7. The ruler-priests among Abraham's people were shepherds. The signs of their authority were the shepherd's crook and the flail. These emblems of royal authority have been found in pre-dynastic wall paintings. Nekhen is the site of the most ancient Horite temple and city in Egypt (c. 4000 B.C.). Of particular interest is the tomb painting of two men who carry crooked staffs with objects that look like flails, suggesting that they might be ruler-priests.

In God's economy, which always gets the order of things right, it was the shepherds of Bethlehem, a Horite settlement, who were the first to receive the news of the birth of the Son of God!

8. Jesus is spoken of as the Lamb of God.  In the story of the binding of Isaac, a ram is sacrificed in place of Isaac. The ram-headed deity, based on the earliest species - Ovis longipes palaeoagytiaca - was known throughout ancient Egypt, especially at Elephantine. So the ram in the story speaks of God's self-sacrifice and would have been confirmation for Abraham that his offering was accepted though not realized at that time. The acceptance was justification of Abraham by faith in what he expected God to do.

It appears that Abraham believed that Isaac would be raised to life after the sacrifice.  This means that he acted by faith.  By provision of the ram (an ancient Horite symbol of God) on Mount Moriah, (sacred to the Horites), Abraham received confirmation that his son was indeed an acceptable offering to God, though not the Son of God expected by his people since the promise made to them in Eden (Gen. 3:15).

The Apostle Paul and James are perceived to be in conflict on the question of justification, yet they both argue based on the sacrifice of Isaac. It is evident that there is no conflict in their understandings of this event if they understood that Abraham, as a Horite, trusted that whether Isaac was the expected Son of God or not, God would confirm the truth to him. This is the man who posed the great question:  "Will not the Judge of all the earth do right?" (Gen. 18:25) This same Abraham believed God on a very deep level.

"Was not Abraham our father justified by works, when he had offered Isaac his son upon the altar? Seest thou how faith wrought with his works, and by works was faith made perfect? And the scripture was fulfilled which saith, Abraham believed God, and it was imputed unto him for righteousness: and he was called the Friend of God. Ye see then how that by works a man is justified, and not by faith only." James 2:21-24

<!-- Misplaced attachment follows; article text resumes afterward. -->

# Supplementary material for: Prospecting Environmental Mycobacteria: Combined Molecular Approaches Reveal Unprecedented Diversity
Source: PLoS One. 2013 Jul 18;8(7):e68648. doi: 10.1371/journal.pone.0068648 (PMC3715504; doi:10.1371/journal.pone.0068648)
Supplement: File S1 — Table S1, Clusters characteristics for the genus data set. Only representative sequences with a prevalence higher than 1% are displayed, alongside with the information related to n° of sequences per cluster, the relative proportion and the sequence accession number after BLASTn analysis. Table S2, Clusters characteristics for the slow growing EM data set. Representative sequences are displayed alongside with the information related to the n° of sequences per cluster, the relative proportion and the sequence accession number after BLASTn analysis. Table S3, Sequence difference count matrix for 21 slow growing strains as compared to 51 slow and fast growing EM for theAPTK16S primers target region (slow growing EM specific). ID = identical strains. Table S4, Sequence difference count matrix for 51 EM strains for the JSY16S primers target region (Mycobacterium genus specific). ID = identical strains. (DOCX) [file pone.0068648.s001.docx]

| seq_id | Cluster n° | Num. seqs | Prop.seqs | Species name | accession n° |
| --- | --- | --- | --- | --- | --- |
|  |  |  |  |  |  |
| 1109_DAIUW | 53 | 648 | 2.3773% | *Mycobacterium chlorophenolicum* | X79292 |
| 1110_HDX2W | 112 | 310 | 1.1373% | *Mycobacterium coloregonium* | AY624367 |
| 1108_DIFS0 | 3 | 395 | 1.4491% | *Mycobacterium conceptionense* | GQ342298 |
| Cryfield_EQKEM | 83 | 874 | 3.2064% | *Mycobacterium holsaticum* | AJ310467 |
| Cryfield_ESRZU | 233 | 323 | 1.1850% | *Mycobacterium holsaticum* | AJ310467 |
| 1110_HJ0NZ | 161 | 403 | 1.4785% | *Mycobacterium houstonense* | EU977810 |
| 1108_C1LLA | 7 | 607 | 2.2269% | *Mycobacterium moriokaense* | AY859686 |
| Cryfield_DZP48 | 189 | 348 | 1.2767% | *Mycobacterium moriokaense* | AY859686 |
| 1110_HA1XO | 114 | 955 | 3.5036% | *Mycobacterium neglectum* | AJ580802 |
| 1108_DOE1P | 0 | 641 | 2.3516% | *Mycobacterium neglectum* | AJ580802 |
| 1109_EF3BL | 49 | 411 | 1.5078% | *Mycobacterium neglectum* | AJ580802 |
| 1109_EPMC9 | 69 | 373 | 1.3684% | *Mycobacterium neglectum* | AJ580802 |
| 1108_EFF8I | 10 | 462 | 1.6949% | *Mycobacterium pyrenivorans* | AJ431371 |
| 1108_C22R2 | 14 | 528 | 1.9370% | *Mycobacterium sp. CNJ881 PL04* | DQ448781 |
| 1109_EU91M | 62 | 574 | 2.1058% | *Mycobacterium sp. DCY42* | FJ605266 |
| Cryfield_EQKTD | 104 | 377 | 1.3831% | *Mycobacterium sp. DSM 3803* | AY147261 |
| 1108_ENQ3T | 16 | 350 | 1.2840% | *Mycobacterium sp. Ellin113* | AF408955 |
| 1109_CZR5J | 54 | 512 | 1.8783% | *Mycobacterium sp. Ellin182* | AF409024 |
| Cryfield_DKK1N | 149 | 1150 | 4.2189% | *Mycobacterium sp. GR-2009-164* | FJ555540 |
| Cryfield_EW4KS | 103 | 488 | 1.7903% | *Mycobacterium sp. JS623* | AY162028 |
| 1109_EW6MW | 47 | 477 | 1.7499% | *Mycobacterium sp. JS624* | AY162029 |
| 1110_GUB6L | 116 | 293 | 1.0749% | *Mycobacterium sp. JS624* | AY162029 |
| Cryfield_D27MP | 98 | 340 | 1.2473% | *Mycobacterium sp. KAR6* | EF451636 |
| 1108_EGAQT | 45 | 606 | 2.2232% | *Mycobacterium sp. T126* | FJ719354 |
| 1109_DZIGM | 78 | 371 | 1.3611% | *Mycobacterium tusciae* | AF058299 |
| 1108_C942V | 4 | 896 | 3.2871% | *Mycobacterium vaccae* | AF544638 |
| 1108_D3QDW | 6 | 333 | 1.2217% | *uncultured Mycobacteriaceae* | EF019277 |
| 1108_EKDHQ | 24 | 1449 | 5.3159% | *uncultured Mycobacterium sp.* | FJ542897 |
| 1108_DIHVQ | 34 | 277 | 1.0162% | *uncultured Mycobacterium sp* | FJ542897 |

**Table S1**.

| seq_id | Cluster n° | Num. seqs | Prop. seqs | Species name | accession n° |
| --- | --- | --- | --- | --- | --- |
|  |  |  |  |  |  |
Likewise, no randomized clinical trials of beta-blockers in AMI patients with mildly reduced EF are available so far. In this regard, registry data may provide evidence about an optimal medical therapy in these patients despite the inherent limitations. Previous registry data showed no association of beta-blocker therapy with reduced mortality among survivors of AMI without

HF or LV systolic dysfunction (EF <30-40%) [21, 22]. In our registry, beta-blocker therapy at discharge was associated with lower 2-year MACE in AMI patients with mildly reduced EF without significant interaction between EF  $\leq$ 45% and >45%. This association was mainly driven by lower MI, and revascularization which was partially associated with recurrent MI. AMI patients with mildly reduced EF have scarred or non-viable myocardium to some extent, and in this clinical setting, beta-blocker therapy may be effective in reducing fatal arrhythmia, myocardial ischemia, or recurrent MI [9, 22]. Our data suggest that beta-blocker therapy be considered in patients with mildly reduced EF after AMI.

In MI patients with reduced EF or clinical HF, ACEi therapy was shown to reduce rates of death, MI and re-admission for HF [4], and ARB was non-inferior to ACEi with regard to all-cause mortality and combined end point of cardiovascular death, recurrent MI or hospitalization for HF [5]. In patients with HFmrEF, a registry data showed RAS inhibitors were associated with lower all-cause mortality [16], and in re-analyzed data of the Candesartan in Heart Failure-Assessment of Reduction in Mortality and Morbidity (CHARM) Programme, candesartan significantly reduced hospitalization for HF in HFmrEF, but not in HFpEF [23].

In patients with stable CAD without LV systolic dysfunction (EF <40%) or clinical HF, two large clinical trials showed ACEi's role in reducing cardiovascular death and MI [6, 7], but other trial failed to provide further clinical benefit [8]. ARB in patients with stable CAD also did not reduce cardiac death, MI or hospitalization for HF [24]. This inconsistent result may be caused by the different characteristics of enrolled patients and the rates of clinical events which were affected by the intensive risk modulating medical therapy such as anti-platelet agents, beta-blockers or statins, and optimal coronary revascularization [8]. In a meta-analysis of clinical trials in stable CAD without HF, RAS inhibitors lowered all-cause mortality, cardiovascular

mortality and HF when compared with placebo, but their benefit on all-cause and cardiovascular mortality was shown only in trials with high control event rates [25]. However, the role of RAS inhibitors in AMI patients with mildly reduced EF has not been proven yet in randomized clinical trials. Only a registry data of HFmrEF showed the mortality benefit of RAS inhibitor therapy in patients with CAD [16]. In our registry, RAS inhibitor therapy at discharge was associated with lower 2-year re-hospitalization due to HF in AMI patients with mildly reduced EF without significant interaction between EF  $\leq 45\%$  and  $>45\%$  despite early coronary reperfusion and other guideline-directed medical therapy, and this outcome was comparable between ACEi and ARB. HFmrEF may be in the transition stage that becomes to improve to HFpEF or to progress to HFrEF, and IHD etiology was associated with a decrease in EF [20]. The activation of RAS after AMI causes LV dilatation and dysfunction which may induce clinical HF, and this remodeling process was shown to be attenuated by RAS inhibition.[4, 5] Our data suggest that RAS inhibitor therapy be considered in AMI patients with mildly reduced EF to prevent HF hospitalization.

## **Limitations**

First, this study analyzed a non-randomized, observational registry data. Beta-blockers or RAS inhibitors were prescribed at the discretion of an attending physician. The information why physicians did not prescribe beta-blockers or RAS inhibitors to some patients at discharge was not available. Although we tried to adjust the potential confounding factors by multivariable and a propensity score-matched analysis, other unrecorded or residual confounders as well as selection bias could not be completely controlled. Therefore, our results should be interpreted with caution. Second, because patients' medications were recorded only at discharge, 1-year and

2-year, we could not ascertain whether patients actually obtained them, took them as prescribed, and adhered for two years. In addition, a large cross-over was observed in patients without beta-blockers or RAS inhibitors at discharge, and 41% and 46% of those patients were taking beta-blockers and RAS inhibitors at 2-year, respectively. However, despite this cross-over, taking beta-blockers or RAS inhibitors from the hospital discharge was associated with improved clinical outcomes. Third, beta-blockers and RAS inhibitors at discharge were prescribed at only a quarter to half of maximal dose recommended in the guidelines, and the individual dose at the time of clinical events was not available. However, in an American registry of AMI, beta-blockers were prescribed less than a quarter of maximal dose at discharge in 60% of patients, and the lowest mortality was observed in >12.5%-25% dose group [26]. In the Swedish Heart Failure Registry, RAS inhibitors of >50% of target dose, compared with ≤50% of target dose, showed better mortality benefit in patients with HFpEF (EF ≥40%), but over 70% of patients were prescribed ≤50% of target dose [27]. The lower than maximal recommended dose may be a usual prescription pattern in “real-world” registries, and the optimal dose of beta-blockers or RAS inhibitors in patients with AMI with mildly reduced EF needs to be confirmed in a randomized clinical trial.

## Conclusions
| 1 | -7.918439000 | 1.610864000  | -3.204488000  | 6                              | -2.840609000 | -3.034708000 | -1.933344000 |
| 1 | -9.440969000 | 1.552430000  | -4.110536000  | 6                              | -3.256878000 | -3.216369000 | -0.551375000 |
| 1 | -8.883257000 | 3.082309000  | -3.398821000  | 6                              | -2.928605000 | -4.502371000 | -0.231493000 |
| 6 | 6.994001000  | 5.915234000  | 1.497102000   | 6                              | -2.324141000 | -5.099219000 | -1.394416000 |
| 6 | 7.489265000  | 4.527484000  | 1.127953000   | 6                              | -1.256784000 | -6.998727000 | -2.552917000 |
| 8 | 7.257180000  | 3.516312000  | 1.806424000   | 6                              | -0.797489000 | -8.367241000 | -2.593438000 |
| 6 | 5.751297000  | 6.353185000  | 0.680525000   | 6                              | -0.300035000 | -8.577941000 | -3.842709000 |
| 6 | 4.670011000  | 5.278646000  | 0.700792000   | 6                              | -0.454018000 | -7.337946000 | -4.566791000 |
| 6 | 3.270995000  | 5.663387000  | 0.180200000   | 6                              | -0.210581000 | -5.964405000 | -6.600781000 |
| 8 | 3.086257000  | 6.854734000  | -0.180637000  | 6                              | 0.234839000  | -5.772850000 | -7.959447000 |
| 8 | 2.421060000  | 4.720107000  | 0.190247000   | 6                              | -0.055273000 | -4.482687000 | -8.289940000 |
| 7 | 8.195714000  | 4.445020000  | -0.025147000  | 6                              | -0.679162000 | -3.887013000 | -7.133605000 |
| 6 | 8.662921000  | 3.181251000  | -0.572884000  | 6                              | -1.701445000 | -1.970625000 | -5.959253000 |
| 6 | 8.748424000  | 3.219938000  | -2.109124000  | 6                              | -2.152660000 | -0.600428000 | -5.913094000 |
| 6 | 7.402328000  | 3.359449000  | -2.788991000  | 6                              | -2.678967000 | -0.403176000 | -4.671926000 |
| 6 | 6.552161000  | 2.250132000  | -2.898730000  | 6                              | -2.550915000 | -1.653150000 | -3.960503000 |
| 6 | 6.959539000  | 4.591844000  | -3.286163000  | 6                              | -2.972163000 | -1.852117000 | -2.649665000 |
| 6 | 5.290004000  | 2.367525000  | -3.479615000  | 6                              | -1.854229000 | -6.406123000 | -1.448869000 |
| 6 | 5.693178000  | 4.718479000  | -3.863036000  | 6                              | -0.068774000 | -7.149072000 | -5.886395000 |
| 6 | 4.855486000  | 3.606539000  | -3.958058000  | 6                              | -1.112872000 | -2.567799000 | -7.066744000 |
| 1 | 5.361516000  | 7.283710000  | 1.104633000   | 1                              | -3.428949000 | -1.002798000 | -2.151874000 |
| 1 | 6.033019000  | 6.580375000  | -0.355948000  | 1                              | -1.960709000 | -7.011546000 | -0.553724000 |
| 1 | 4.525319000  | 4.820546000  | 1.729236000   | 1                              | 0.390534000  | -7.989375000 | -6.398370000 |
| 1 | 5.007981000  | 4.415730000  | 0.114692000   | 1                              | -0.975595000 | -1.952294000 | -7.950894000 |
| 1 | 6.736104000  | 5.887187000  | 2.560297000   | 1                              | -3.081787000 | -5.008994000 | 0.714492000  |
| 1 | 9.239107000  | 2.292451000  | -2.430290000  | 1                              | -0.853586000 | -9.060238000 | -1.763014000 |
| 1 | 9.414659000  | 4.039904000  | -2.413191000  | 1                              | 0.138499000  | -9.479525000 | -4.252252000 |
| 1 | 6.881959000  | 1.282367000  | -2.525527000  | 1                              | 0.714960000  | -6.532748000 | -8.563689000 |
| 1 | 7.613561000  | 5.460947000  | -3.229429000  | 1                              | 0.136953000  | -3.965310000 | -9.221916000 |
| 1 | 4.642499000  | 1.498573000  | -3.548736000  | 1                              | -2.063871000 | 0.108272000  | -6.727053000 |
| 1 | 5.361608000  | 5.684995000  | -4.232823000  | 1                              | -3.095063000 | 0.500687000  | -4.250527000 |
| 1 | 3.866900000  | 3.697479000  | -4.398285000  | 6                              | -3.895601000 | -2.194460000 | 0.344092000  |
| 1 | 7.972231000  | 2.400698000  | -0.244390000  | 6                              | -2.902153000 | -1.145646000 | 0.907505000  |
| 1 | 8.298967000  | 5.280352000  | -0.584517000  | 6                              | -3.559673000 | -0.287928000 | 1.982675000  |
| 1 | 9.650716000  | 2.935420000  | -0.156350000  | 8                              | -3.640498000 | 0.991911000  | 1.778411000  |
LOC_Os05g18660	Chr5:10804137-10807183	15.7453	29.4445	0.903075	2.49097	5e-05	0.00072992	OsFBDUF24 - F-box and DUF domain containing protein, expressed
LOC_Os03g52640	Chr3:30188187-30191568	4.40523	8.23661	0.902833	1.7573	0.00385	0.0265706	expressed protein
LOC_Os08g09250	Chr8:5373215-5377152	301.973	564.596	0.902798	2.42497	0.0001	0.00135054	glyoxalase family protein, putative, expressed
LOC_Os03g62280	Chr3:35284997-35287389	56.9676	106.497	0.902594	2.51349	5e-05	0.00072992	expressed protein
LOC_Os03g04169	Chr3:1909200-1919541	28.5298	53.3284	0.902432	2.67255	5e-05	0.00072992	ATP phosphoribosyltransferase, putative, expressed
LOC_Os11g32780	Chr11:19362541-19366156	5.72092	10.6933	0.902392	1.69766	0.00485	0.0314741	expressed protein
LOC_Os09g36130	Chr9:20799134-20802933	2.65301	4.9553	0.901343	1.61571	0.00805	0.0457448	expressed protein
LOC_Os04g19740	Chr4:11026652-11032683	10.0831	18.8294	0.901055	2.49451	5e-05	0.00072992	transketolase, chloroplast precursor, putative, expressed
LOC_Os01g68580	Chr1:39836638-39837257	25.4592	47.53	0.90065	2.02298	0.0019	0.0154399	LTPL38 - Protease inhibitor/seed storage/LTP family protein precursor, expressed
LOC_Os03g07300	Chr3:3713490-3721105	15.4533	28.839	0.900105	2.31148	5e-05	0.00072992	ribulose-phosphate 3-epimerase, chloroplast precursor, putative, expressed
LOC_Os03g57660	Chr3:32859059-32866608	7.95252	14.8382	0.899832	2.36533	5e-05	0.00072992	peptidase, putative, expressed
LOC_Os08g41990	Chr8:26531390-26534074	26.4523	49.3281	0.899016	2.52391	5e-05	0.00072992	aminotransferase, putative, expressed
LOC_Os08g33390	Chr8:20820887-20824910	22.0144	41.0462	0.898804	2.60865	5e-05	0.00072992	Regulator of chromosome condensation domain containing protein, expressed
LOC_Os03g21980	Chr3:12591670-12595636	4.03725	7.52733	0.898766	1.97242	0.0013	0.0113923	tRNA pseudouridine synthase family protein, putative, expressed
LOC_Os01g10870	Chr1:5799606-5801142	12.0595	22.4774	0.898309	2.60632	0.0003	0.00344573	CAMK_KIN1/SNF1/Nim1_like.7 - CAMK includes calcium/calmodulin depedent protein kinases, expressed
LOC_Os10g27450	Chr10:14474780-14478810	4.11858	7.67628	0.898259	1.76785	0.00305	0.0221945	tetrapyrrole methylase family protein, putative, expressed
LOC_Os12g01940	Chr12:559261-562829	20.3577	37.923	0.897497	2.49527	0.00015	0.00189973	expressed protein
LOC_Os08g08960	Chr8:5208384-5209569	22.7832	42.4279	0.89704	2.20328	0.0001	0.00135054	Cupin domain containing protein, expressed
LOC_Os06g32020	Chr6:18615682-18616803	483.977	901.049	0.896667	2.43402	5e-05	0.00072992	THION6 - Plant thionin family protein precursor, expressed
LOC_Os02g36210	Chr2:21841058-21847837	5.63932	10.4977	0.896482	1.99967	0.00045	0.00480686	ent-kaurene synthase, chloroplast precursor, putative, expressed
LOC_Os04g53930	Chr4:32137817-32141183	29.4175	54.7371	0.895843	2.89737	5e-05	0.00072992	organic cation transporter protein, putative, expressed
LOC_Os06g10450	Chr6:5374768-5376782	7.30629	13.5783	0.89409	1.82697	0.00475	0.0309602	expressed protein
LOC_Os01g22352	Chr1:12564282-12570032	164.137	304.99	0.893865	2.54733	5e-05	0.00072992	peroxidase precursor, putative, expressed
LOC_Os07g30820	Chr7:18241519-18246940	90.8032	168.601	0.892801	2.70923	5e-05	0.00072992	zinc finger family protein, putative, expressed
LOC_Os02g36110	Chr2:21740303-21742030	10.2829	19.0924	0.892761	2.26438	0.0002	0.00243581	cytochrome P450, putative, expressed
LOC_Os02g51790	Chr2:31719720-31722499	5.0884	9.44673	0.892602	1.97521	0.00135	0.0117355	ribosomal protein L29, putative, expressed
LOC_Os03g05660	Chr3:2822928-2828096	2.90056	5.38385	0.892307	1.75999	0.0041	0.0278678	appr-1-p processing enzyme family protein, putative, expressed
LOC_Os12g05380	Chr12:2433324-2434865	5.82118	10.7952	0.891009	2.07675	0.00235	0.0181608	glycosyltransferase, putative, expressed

Related reading:  Jesus: From Lamb to Ram; The Horite Ancestry of Jesus Christ; Why Nekhen is Anthropologically Significant; Did Abraham Intend to Sacrifice Isaac?; William H. Willimon, On a Wild and Windy Mountain


Georgia said...

Reading about the pre-Abrahamic deities of the ancient cultures is confusing. Do you have an article about these and how they are connected? Are all these early religions foreshadowings and hints of the True and Living God and His plan to save the world? If so, was there an evil opponent/opposite of Horus?

I found this at one of the 'wiki' sites, but don't know how accurate it is:

BTW - The translation of 'pesach' as Easter (Ishtar, Astarte, Oeastre) in the KJV (Acts 12:4) is puzzling and disturbing and too elementary an error to be accidental - it had to be intentional. Do you know why?

Alice C. Linsley said...

Not ALL ancient deities foreshadow Jesus Christ. The Horus myth appears to and Abraham's people were Horites. Not a coincidence then that the priestly lines of his people intermarried in expectation that the promised Son would be born of them. This is the origin of the belief in Messiah.

Horus' mortal enemy was his brother Set.

The translation is based on the linguistic similarities to the Greek Πάσχα Paskha, and Hebrew פֶּסַח Pesakh. It is intentional, based on the dating of Easter after the first full moon following the northern hemisphere's vernal equinox. Orthodox Christianity adds one more condition: Easter must also follow Jewish Passover as a testimony to the Jews that Jesus is their Messiah.

Georgia said...

The day we celebrate Christ's Resurrection and our Passover should not be called 'Easter' after the fertility goddess Ishtar, Astarte, Oestre. It was most likely re-named by powers that influenced the traditions of the church that wished to separate them from the Hebrew customs and feasts.

It is the Feast of the Resurrection or Resurrection Sunday and also our Passover. Every Sunday marks this concurrent, powerful and consequential event, our yearly commemoration should not be sullied by giving it the name of a pagan spiritual entity.

Alice C. Linsley said...

The Orthodox call it "Pascha", which is Passover.

Dharmashaiva said...

Alice, were the Horites descendants of Ham? And, if so, would that mean that the Ham lineage also looked for the Messiah to be born among the Hamitic peoples?

Alice C. Linsley said...

The lines of Ham and Shem intermarried, so yes. For more on this see: